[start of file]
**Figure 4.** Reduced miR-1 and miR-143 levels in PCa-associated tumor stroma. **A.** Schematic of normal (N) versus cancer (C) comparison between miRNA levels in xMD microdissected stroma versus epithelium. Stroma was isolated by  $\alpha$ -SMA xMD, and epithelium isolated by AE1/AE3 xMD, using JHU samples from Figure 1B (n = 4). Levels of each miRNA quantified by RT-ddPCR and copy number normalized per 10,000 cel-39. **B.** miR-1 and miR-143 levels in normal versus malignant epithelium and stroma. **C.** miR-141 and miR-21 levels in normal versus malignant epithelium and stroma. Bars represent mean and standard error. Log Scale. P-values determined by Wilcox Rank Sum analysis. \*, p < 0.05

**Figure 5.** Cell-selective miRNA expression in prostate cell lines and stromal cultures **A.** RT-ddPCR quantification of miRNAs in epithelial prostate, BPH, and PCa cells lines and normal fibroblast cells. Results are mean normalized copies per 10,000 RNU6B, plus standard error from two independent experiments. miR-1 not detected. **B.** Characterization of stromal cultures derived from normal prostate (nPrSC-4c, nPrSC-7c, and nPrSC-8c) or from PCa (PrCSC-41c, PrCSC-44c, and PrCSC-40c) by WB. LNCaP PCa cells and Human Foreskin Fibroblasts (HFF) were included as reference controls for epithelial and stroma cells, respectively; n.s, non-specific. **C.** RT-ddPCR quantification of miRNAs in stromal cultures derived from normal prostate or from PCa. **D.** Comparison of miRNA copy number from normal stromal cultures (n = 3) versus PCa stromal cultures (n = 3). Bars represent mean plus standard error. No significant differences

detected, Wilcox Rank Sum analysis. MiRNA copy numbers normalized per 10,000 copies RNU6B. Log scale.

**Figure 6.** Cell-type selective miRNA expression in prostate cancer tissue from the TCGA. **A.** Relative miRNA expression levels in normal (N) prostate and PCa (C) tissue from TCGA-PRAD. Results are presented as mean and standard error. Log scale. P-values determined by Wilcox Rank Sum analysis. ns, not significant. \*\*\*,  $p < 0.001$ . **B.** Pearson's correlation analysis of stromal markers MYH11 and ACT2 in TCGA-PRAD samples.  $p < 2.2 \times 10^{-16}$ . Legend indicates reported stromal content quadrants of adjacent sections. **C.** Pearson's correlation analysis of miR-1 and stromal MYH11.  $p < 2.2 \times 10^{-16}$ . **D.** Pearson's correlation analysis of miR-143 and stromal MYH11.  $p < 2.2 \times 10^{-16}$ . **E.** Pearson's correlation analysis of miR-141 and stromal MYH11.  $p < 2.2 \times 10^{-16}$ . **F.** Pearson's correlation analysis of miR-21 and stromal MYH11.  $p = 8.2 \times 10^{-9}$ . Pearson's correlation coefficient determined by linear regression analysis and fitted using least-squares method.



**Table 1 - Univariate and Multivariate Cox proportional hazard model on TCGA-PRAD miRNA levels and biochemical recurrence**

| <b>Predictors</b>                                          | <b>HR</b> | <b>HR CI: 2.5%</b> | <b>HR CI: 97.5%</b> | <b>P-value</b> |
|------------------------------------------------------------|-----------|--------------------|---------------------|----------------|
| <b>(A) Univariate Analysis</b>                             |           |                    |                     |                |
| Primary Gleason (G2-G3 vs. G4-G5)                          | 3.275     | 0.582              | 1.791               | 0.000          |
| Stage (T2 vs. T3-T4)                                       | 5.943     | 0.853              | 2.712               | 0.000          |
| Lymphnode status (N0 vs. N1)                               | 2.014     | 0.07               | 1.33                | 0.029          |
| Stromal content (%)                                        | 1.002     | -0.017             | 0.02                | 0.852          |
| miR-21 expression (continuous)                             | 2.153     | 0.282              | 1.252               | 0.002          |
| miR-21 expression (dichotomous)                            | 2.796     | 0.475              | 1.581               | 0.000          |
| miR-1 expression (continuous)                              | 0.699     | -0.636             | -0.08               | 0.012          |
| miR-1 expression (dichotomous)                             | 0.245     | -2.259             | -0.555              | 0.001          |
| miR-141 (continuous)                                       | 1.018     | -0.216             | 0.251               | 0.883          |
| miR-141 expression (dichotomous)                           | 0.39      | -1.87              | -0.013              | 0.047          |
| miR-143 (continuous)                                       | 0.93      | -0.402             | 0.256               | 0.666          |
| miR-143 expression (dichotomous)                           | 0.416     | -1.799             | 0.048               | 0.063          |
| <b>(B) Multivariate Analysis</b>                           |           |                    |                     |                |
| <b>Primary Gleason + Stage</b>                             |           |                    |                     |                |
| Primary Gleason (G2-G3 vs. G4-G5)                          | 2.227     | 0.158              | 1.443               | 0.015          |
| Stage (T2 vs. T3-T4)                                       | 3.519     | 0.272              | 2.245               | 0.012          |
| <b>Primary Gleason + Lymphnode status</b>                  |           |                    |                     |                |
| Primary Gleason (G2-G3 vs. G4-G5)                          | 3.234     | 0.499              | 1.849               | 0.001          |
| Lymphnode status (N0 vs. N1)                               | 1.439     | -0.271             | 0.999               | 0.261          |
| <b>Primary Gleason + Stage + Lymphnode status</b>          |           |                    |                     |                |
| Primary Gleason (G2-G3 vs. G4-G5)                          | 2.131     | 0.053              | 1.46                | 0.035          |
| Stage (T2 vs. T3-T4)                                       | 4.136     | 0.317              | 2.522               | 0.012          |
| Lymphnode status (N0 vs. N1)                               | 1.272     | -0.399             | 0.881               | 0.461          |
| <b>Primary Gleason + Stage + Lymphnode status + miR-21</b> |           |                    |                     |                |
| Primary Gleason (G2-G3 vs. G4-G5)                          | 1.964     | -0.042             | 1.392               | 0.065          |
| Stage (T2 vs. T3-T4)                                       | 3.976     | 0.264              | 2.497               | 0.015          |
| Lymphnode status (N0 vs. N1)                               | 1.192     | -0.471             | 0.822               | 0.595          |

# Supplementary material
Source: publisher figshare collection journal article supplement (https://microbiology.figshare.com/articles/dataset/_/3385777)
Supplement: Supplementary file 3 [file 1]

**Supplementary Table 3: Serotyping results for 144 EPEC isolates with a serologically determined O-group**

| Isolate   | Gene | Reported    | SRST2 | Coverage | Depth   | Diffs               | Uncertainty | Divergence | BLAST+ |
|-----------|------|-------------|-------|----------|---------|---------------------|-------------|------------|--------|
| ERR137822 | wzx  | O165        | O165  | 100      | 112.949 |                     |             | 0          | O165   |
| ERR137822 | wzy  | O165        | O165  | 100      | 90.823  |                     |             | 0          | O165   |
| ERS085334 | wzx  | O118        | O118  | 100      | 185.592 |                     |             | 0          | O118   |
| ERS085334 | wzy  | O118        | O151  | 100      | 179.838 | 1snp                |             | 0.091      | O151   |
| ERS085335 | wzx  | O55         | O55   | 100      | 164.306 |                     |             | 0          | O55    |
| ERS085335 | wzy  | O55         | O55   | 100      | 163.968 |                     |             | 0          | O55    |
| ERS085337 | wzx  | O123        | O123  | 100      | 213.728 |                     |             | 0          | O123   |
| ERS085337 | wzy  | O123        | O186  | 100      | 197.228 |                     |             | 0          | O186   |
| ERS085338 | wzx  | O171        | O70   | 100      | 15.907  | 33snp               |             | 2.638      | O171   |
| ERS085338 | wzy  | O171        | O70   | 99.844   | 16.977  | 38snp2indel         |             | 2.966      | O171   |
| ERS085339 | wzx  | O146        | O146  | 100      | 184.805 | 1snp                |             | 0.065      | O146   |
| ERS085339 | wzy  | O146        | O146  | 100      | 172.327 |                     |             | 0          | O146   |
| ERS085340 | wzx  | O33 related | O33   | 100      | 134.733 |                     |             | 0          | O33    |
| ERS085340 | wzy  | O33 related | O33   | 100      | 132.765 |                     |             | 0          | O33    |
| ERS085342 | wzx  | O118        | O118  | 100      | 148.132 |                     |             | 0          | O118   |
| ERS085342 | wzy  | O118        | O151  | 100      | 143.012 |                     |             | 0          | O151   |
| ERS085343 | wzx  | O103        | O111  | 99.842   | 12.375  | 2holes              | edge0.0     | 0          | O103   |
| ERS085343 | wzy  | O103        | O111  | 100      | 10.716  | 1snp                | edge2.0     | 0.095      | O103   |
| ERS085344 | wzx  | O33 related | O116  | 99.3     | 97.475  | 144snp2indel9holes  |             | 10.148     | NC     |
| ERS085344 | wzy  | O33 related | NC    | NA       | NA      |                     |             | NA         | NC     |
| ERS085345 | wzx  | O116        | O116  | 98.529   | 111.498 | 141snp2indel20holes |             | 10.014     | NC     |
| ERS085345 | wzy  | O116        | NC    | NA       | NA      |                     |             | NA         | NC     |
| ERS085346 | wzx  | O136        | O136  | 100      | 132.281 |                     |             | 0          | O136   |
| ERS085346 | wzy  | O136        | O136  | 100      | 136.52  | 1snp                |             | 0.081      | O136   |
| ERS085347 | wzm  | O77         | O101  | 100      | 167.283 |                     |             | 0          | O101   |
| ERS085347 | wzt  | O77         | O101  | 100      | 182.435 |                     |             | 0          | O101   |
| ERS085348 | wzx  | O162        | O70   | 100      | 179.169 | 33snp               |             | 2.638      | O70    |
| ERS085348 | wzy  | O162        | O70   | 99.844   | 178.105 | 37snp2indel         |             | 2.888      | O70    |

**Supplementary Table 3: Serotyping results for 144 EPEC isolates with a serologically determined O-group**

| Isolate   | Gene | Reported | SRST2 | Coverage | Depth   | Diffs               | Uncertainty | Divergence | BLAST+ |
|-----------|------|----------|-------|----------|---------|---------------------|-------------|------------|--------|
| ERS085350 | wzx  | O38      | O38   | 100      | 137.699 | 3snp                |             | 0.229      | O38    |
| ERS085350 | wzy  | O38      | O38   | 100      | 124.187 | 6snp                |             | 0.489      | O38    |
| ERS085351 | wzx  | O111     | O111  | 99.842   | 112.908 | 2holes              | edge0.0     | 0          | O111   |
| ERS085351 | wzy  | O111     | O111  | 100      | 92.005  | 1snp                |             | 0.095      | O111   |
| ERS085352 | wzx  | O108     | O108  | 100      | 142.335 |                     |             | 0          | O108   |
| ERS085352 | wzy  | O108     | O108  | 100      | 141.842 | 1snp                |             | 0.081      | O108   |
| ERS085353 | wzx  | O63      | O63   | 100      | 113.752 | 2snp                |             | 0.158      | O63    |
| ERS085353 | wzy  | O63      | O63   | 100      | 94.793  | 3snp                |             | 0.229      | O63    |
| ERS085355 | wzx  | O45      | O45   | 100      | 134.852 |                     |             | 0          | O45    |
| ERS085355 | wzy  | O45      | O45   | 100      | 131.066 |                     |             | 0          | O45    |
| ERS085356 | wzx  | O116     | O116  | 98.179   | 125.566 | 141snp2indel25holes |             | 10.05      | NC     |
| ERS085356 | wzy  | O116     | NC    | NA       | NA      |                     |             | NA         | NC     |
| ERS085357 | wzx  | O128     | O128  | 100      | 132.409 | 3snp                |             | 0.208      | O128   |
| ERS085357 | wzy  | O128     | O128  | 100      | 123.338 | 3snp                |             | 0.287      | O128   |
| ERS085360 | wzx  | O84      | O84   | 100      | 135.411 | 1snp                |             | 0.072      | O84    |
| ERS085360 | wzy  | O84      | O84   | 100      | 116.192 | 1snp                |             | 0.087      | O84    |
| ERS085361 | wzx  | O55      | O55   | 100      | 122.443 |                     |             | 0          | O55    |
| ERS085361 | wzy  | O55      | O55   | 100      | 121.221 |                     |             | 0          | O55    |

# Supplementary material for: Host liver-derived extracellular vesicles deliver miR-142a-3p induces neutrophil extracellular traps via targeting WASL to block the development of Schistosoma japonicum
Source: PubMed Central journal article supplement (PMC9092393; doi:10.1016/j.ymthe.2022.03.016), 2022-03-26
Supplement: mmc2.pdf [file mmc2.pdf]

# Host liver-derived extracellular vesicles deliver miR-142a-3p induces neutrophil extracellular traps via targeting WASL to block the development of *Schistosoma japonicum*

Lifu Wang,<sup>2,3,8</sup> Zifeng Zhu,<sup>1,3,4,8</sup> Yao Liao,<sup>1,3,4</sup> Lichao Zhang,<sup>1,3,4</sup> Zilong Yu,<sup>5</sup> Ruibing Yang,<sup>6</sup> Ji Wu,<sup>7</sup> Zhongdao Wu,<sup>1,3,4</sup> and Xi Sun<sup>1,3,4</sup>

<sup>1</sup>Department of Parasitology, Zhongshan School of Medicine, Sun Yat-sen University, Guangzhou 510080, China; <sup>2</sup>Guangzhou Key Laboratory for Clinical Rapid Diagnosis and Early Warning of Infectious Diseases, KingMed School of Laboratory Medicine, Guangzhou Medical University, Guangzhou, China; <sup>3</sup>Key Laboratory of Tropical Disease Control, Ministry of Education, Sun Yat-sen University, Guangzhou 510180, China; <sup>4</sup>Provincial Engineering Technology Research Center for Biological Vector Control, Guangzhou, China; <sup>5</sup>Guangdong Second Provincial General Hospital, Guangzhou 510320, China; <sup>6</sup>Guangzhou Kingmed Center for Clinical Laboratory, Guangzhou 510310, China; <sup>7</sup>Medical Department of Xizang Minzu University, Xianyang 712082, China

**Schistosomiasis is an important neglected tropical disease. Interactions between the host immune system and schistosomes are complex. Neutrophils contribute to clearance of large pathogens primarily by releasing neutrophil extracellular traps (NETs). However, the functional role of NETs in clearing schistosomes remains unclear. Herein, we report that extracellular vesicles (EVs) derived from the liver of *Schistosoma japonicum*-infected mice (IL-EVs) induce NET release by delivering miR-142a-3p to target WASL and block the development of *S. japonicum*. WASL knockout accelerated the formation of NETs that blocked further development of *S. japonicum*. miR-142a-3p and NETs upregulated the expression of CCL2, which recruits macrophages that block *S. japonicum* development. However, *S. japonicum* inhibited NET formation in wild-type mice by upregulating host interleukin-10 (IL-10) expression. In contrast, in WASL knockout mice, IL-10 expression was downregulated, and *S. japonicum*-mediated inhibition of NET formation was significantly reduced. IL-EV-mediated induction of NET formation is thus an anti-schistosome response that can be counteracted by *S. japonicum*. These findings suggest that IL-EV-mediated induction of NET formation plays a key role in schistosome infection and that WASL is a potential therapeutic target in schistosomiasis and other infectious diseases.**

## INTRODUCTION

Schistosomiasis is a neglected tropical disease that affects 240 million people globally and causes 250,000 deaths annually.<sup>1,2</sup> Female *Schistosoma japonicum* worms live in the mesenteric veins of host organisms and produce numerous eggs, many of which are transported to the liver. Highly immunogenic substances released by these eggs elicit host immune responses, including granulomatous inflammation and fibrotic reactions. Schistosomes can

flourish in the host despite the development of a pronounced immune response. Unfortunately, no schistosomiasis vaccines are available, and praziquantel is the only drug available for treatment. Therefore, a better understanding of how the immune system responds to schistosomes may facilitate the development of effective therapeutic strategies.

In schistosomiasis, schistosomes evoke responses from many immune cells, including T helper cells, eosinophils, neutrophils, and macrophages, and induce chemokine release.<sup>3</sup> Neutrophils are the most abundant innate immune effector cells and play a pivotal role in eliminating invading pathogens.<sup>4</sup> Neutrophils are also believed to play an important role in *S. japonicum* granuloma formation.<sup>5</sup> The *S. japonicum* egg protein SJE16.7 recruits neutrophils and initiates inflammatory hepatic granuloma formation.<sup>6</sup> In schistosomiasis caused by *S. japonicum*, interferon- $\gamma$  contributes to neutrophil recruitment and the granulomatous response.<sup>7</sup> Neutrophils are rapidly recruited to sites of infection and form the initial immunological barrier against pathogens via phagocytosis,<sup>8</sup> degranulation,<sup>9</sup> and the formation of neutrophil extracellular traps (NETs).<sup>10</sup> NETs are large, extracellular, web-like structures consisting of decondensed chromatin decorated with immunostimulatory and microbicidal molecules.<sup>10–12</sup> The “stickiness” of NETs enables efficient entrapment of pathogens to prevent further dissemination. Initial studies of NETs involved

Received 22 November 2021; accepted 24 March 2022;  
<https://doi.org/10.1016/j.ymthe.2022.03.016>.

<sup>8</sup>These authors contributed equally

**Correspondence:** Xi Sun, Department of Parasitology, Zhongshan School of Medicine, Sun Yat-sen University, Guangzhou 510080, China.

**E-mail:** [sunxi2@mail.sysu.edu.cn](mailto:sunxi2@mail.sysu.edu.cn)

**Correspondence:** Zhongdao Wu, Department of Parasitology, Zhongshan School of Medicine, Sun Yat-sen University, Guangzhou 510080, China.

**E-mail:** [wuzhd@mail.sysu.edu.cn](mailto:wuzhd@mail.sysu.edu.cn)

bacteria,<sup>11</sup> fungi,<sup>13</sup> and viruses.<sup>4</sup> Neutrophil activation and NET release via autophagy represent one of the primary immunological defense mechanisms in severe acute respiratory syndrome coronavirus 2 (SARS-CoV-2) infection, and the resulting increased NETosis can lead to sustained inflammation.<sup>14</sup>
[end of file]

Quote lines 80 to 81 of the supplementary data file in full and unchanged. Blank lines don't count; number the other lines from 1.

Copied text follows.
| ERS085353 | wzy  | O63      | O63   | 100      | 94.793  | 3snp                |             | 0.229      | O63    |
| ERS085355 | wzx  | O45      | O45   | 100      | 134.852 |                     |             | 0          | O45    |